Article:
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    Re: Direction and alternate methods
    From: Bruce Stark
    Date: 2003 Jun 10, 15:31 EDT

    Guess it goes without saying that I'm reasonably happy with the drift of the
    List. But I'd like to see more posts such as Fred's recent one on timing
    sights. We ought to share more of the practical problems we've run into, and the
    solutions, if any, we've found.
    
    Mike Burks brought up the use of slide rules for interpolation. Just for fun,
    I learned to use a slide rule, but for navigation use it only to check the
    interpolation when working with the1804 and 1805 Almanacs. Although Nathaniel
    Bowditch called them slide rules, the old British navigation manuals called them
    "Sliding Gunters" after the Gunter's scale. Guess that's how that telescoping
    rig for dinghies got named (more of that history stuff).
    
    On the use of altitudes only to get Greenwich time from the moon, check back
    on the List. I weighed in on Feb. 26, '02, and said:
    
    "I just got signed on to the List, and probably shouldn't jump in so soon.
    
    The idea of comparing the altitude of the moon with that of one or more other
    bodies to get Greenwich time has been around almost continually for at least
    two centuries. It's such an appealing idea that many of the best navigation
    authorities have been blind-sided by it.
    
    First: Consider what you know about the reliable accuracy of altitudes taken
    from the sea horizon, especially from a small boat. You will be combining the
    errors of several such altitudes.
    
    Second: Consider what it is you are trying to do. You are trying to measure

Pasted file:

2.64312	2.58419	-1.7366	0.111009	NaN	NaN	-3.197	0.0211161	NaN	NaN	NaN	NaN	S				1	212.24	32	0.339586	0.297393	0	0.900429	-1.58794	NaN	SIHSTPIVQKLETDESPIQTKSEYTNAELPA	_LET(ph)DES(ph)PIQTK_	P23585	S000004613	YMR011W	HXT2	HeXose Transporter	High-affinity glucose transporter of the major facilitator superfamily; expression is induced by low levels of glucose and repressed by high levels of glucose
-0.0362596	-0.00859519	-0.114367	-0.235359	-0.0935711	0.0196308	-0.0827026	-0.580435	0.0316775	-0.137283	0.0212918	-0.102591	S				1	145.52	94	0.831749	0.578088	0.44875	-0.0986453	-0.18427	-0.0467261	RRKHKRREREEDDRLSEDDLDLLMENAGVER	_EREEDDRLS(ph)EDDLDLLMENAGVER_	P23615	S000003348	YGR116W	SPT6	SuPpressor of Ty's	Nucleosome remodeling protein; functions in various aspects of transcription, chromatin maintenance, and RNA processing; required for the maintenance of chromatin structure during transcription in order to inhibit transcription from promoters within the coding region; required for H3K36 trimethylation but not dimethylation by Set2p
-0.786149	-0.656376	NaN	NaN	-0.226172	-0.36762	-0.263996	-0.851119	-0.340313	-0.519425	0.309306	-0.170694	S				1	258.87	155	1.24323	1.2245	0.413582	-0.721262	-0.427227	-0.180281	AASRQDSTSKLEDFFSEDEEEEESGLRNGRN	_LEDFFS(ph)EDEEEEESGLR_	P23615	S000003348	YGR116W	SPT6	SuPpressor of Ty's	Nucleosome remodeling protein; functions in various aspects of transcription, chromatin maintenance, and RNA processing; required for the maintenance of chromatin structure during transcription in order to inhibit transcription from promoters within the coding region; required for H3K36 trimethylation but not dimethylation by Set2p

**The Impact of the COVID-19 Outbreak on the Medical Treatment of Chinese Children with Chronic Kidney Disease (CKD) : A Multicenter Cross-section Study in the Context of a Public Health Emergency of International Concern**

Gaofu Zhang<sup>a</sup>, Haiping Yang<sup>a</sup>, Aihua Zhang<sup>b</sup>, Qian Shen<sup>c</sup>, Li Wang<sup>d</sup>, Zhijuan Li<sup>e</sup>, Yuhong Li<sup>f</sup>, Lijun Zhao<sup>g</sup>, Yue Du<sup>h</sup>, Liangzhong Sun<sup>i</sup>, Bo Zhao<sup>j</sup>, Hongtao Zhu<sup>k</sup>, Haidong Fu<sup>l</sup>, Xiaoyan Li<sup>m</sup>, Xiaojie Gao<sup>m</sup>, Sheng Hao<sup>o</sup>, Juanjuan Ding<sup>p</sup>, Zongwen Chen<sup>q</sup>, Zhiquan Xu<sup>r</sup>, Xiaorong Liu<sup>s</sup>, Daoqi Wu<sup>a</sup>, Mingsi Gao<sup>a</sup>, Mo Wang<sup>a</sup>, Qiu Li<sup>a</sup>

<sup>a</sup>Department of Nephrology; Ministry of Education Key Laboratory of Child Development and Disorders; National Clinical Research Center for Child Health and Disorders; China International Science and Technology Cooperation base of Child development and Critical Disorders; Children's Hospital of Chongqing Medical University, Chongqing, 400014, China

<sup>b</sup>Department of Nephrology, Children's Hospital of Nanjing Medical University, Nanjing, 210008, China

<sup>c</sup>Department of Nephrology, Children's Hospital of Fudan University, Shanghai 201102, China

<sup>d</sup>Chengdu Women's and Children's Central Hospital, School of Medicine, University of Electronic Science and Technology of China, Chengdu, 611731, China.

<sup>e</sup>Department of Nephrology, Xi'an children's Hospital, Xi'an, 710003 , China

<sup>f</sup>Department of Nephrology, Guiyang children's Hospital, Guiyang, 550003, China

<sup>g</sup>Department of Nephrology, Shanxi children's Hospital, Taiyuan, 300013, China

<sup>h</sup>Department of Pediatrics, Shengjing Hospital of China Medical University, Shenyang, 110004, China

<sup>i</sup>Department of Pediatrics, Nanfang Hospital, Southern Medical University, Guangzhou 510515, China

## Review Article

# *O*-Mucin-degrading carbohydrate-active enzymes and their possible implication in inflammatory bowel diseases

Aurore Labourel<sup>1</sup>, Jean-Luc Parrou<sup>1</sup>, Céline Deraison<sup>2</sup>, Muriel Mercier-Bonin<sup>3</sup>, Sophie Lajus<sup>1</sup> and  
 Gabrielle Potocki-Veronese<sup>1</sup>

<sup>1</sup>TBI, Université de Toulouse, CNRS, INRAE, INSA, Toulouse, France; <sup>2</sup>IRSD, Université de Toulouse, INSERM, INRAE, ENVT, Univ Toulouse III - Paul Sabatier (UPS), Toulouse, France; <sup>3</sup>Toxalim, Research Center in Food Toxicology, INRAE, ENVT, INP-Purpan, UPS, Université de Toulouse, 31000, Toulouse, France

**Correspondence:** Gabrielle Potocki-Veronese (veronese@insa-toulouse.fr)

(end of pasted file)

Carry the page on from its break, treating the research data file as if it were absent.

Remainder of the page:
the moon's position in her orbit, NOT the rotation of the earth. If your
    latitude is less than 30? there may be times when you'll actually see the
    moon when her orbital motion is perpendicular to the horizon. At higher
    latitudes, never.
    
    The moon's is always within about 5? of the ecliptic. Her enlightened limb
    points to the sun and shows the path of her orbit. How often do you see the
    moon when her horns are pointing straight up or straight down?"
    
    I don't see why working a lunar need be so complicated, Doug. Seems to me
    anyone who can do simple addition and subtraction should be able to clear a lunar
    in ten minutes, once he's familiar with my Tables. No puzzles involved. And
    if Steve Wepster will continue his list of Precomputed Lunar Distances, and
    extend it to one-hour intervals (so we don't have second difference problems with
    the shorter ones) we won't have to calculate comparing distances.
    
    If you use my tables 7 and 8 for the three-hour interval you should multiply
    the minutes and seconds you get by three.
    
    Bruce
    
    
    

       
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